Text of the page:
I was Louisiana’s first special assistant on women’s policy, advising the governor and presenting the governor’s proclamation for domestic violence awareness month. Then I was raped. It was 2003.
After I became pregnant as a result of the attack, I did not want to think of myself as a victim. I chose to carry my pregnancy to term. It gave me hope that I was not completely broken and destroyed. But it was my personal decision to have my daughter and raise her.
I did not expect to feel the horror and shock that came years later, in 2010, when my rapist tried to claim custody of my child.
My rapist was never convicted for what he did to me. When the day came that I was served with court papers on his behalf, I was terrified of the danger this posed for my child, who had no idea what I would have to go through to protect her.
Gathering strength from and for my daughter
I had no war chest of finances to sustain a court battle. There was no law in place in our new home state of Florida at the time to protect us. Thankfully, the judge decided that my rapist would have no contact with my daughter without first having a full evidentiary hearing on how I was assaulted and became pregnant.
A parent’s worst nightmare: I thought sexual abuse only happened to other people’s children. Then I woke up.
Each moment I had with her — playing, singing, enjoying her school activities — could be destroyed by the thought or occurrence of a court hearing. Every day for more than two years, I wanted to return to those moments of blissfully building sandcastles at the beach and chasing each other around at the park without this shadow hanging over us. Those good days and our nighttime story reading, snuggled up close with our hugs and kisses, gave me strength for the next day.
After two years, the terror finally ended and I won. During that time, I researched the rapist parental right policies in other states, and drafted a model law for Florida.
In one hearing, the judge asked me whether there was anything, any law, even a federal one, to prevent my daughter from being judicially forced into a relationship with my rapist. I responded, “Not yet your honor, I am still working on it.”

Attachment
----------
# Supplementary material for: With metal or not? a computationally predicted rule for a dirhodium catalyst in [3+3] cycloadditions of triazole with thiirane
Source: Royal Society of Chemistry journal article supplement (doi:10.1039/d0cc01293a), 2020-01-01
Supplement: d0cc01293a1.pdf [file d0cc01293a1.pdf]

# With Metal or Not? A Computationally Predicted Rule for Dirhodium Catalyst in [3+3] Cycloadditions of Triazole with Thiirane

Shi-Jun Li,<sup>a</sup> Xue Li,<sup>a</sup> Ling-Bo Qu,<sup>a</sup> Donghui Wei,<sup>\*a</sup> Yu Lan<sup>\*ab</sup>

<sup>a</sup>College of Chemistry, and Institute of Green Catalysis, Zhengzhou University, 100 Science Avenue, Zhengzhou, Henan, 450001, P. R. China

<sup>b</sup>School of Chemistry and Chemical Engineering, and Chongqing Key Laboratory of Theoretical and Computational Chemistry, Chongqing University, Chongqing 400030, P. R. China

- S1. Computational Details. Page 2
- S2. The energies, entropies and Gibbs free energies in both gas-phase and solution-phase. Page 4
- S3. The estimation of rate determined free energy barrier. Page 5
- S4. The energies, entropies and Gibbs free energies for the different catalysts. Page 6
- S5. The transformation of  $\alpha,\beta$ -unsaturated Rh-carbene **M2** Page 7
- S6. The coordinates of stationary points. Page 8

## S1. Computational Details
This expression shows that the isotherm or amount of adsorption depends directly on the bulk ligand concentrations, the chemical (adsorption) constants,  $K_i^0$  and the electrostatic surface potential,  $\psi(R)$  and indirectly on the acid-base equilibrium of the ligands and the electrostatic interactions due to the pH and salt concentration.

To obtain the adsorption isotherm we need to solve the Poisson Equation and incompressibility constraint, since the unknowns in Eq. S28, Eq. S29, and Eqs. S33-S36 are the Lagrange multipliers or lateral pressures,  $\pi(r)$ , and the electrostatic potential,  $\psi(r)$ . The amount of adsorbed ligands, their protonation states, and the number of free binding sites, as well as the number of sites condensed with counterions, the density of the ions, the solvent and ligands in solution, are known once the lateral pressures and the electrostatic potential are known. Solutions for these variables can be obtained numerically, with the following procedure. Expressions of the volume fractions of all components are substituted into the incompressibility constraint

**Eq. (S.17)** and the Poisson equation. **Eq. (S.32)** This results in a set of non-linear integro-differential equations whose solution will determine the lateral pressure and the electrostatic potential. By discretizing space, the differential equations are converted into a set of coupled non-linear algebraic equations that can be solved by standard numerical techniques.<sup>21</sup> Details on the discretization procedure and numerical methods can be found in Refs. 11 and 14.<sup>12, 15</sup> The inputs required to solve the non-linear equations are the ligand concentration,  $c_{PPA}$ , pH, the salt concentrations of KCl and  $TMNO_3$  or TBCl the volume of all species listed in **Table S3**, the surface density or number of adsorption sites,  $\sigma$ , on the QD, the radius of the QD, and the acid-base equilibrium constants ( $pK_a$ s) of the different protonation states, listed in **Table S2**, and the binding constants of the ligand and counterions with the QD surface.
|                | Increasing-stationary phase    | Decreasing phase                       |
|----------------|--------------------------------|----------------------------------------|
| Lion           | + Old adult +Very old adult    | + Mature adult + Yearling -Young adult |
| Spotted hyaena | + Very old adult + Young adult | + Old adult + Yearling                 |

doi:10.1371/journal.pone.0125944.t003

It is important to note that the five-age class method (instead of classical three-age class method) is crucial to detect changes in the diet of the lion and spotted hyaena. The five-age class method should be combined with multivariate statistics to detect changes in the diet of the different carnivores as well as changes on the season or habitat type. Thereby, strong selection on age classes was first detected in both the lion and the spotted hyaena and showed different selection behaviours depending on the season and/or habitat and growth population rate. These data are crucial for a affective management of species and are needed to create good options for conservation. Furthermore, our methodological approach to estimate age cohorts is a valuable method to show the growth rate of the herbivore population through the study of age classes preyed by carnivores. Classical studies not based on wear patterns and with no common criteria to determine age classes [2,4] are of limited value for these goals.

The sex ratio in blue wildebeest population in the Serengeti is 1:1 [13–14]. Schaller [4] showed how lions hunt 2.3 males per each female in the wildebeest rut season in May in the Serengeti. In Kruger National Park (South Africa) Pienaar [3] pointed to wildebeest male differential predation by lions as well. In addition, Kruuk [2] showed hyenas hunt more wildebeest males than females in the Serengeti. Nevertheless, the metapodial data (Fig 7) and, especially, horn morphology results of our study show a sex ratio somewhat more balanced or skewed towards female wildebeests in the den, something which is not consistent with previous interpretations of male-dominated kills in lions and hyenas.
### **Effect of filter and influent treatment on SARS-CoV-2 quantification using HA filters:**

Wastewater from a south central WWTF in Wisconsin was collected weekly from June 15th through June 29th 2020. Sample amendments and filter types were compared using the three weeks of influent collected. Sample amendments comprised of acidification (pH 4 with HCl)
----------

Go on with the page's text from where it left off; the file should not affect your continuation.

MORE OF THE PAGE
I did not want anyone else to go through this nightmare. I wanted laws put in place protecting rape survivors and their children. I was repeatedly told that a rapist father is as good as any other father under the law in Florida. That’s not true there. It isn’t true anywhere.
Convictions can’t be necessary
It is critical that the legal standard for prohibiting the parental rights of rapists is “clear and convincing evidence.” This is because termination of parental rights are civil cases, not criminal.
Clear and convincing evidence that could be introduced in a court case includes material like medical records, trauma counseling and therapy records, as well as the testimony of witnesses who were told of the sexual assault after it occurred.
It is the highest burden of proof in civil court. We do not require convictions for termination of parental rights for such reasons as child abuse, neglect and habitual drug offenses.
A choice girls shouldn’t have to make: I was 12 years old and pregnant. Alabama’s abortion ban bill would punish girls like me.
Since the passage in 2015 of the federal Rape Survivor Child Custody Act, which provides a financial incentive to states to pass laws to terminate parental rights of a rapist with clear and convincing evidence, there are a number of states who receive this benefit from the Department of Justice.
Currently, just 30 states allow the termination of parental rights of rapists who conceive a child, while others just put restrictions in place. Many states still require the conviction of the sexual assault. If your state requires a conviction of the sexual assault, I challenge you to reform it. Demand that your lawmakers reform it — including situations of domestic violence and marital rape. We cannot keep allowing the laws of your state to keep women and children chained to a rapist.
In all of these efforts, I am motivated by how much I love my child, how much I love all my children — not by the crime that occurred. Love doesn’t run out of strength to keep going, but pain and fear do. I don’t have the right to turn my back on rape victims and their children and pretend I don’t know better.
As I learned back in law school, I can seek peace through justice. Failing to make good laws out of ignorance is not something our society can continue to justify.
In this debate over abortion laws and whether there should be exceptions for rape victims, women who kept their children and women who did not must not be pitted against each other. We are not enemies; we are both survivors. Do not use us as political pawns in an attempt to grab power. We have been through enough.
Analyn Megison works in the financial sector and is an advocate for rape survivors and their children. Follow her on Twitter @analynmegison